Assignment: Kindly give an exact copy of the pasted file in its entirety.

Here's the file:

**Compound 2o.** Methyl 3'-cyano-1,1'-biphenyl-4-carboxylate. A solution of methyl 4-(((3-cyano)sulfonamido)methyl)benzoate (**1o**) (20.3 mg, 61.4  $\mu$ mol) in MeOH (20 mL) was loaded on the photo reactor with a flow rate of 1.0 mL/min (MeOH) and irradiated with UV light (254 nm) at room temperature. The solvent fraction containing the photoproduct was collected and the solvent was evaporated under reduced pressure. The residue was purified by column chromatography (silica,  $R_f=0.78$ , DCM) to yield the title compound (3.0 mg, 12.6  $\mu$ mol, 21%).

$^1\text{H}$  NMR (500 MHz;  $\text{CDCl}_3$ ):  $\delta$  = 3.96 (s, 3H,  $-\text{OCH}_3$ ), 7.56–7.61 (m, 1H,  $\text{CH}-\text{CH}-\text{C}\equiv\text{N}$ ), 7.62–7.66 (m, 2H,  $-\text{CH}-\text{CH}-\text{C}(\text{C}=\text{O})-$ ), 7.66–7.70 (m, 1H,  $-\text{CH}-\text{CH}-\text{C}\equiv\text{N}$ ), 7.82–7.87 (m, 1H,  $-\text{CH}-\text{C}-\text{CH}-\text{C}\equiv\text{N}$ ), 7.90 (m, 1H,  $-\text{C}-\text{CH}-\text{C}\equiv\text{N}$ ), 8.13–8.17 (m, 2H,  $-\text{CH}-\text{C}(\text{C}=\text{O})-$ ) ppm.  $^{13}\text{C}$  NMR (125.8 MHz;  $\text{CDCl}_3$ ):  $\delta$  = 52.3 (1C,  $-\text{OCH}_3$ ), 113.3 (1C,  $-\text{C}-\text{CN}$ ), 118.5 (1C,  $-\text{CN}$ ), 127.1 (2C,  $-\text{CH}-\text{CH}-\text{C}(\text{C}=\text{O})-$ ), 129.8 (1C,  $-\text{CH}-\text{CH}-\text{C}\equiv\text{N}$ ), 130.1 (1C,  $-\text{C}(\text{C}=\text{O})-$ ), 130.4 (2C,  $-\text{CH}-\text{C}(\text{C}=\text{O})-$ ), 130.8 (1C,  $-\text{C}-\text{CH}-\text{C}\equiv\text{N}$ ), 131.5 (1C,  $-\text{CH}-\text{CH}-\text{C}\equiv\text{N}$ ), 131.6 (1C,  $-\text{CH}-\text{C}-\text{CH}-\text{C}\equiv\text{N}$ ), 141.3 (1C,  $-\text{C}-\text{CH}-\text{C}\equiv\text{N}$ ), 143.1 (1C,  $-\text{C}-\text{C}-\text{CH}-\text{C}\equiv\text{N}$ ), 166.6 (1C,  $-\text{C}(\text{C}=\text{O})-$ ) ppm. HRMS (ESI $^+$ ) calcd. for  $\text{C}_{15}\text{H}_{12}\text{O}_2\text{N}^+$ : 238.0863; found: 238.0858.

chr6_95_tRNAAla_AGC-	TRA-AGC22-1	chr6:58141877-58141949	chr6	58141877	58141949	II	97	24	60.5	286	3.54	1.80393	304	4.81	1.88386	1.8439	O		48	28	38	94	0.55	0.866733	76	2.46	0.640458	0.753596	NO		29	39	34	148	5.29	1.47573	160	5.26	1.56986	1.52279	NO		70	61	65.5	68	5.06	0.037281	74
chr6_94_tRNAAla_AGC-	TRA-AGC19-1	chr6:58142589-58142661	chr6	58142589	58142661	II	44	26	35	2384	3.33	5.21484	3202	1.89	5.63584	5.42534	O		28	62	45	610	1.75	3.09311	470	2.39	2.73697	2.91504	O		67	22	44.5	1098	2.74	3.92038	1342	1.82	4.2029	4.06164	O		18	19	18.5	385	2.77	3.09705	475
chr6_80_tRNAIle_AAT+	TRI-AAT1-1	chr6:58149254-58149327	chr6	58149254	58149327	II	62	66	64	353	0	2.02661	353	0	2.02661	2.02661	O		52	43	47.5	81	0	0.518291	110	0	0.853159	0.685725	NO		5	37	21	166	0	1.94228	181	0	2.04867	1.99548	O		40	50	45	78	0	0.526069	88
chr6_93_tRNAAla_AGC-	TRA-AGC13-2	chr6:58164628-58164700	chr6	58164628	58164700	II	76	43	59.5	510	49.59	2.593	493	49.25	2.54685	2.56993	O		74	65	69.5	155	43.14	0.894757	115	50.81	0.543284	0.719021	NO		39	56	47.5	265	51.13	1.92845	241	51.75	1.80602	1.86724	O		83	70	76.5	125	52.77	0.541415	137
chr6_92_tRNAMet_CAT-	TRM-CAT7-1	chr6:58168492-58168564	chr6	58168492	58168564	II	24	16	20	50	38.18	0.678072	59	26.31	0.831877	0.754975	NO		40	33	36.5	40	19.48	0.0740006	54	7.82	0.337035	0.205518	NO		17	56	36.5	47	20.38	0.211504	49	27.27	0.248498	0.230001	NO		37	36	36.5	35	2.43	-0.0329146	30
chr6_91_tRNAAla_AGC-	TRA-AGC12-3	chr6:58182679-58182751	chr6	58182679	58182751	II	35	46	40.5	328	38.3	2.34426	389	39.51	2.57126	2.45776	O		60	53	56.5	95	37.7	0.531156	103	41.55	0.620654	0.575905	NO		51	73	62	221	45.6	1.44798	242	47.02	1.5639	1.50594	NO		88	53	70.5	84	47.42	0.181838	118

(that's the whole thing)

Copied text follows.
**Compound 2o.** Methyl 3'-cyano-1,1'-biphenyl-4-carboxylate. A solution of methyl 4-(((3-cyano)sulfonamido)methyl)benzoate (**1o**) (20.3 mg, 61.4  $\mu$ mol) in MeOH (20 mL) was loaded on the photo reactor with a flow rate of 1.0 mL/min (MeOH) and irradiated with UV light (254 nm) at room temperature. The solvent fraction containing the photoproduct was collected and the solvent was evaporated under reduced pressure. The residue was purified by column chromatography (silica,  $R_f=0.78$ , DCM) to yield the title compound (3.0 mg, 12.6  $\mu$ mol, 21%).

$^1\text{H}$  NMR (500 MHz;  $\text{CDCl}_3$ ):  $\delta$  = 3.96 (s, 3H,  $-\text{OCH}_3$ ), 7.56–7.61 (m, 1H,  $\text{CH}-\text{CH}-\text{C}\equiv\text{N}$ ), 7.62–7.66 (m, 2H,  $-\text{CH}-\text{CH}-\text{C}(\text{C}=\text{O})-$ ), 7.66–7.70 (m, 1H,  $-\text{CH}-\text{CH}-\text{C}\equiv\text{N}$ ), 7.82–7.87 (m, 1H,  $-\text{CH}-\text{C}-\text{CH}-\text{C}\equiv\text{N}$ ), 7.90 (m, 1H,  $-\text{C}-\text{CH}-\text{C}\equiv\text{N}$ ), 8.13–8.17 (m, 2H,  $-\text{CH}-\text{C}(\text{C}=\text{O})-$ ) ppm.  $^{13}\text{C}$  NMR (125.8 MHz;  $\text{CDCl}_3$ ):  $\delta$  = 52.3 (1C,  $-\text{OCH}_3$ ), 113.3 (1C,  $-\text{C}-\text{CN}$ ), 118.5 (1C,  $-\text{CN}$ ), 127.1 (2C,  $-\text{CH}-\text{CH}-\text{C}(\text{C}=\text{O})-$ ), 129.8 (1C,  $-\text{CH}-\text{CH}-\text{C}\equiv\text{N}$ ), 130.1 (1C,  $-\text{C}(\text{C}=\text{O})-$ ), 130.4 (2C,  $-\text{CH}-\text{C}(\text{C}=\text{O})-$ ), 130.8 (1C,  $-\text{C}-\text{CH}-\text{C}\equiv\text{N}$ ), 131.5 (1C,  $-\text{CH}-\text{CH}-\text{C}\equiv\text{N}$ ), 131.6 (1C,  $-\text{CH}-\text{C}-\text{CH}-\text{C}\equiv\text{N}$ ), 141.3 (1C,  $-\text{C}-\text{CH}-\text{C}\equiv\text{N}$ ), 143.1 (1C,  $-\text{C}-\text{C}-\text{CH}-\text{C}\equiv\text{N}$ ), 166.6 (1C,  $-\text{C}(\text{C}=\text{O})-$ ) ppm. HRMS (ESI $^+$ ) calcd. for  $\text{C}_{15}\text{H}_{12}\text{O}_2\text{N}^+$ : 238.0863; found: 238.0858.

chr6_95_tRNAAla_AGC-	TRA-AGC22-1	chr6:58141877-58141949	chr6	58141877	58141949	II	97	24	60.5	286	3.54	1.80393	304	4.81	1.88386	1.8439	O		48	28	38	94	0.55	0.866733	76	2.46	0.640458	0.753596	NO		29	39	34	148	5.29	1.47573	160	5.26	1.56986	1.52279	NO		70	61	65.5	68	5.06	0.037281	74
chr6_94_tRNAAla_AGC-	TRA-AGC19-1	chr6:58142589-58142661	chr6	58142589	58142661	II	44	26	35	2384	3.33	5.21484	3202	1.89	5.63584	5.42534	O		28	62	45	610	1.75	3.09311	470	2.39	2.73697	2.91504	O		67	22	44.5	1098	2.74	3.92038	1342	1.82	4.2029	4.06164	O		18	19	18.5	385	2.77	3.09705	475
chr6_80_tRNAIle_AAT+	TRI-AAT1-1	chr6:58149254-58149327	chr6	58149254	58149327	II	62	66	64	353	0	2.02661	353	0	2.02661	2.02661	O		52	43	47.5	81	0	0.518291	110	0	0.853159	0.685725	NO		5	37	21	166	0	1.94228	181	0	2.04867	1.99548	O		40	50	45	78	0	0.526069	88
chr6_93_tRNAAla_AGC-	TRA-AGC13-2	chr6:58164628-58164700	chr6	58164628	58164700	II	76	43	59.5	510	49.59	2.593	493	49.25	2.54685	2.56993	O		74	65	69.5	155	43.14	0.894757	115	50.81	0.543284	0.719021	NO		39	56	47.5	265	51.13	1.92845	241	51.75	1.80602	1.86724	O		83	70	76.5	125	52.77	0.541415	137
chr6_92_tRNAMet_CAT-	TRM-CAT7-1	chr6:58168492-58168564	chr6	58168492	58168564	II	24	16	20	50	38.18	0.678072	59	26.31	0.831877	0.754975	NO		40	33	36.5	40	19.48	0.0740006	54	7.82	0.337035	0.205518	NO		17	56	36.5	47	20.38	0.211504	49	27.27	0.248498	0.230001	NO		37	36	36.5	35	2.43	-0.0329146	30
chr6_91_tRNAAla_AGC-	TRA-AGC12-3	chr6:58182679-58182751	chr6	58182679	58182751	II	35	46	40.5	328	38.3	2.34426	389	39.51	2.57126	2.45776	O		60	53	56.5	95	37.7	0.531156	103	41.55	0.620654	0.575905	NO		51	73	62	221	45.6	1.44798	242	47.02	1.5639	1.50594	NO		88	53	70.5	84	47.42	0.181838	118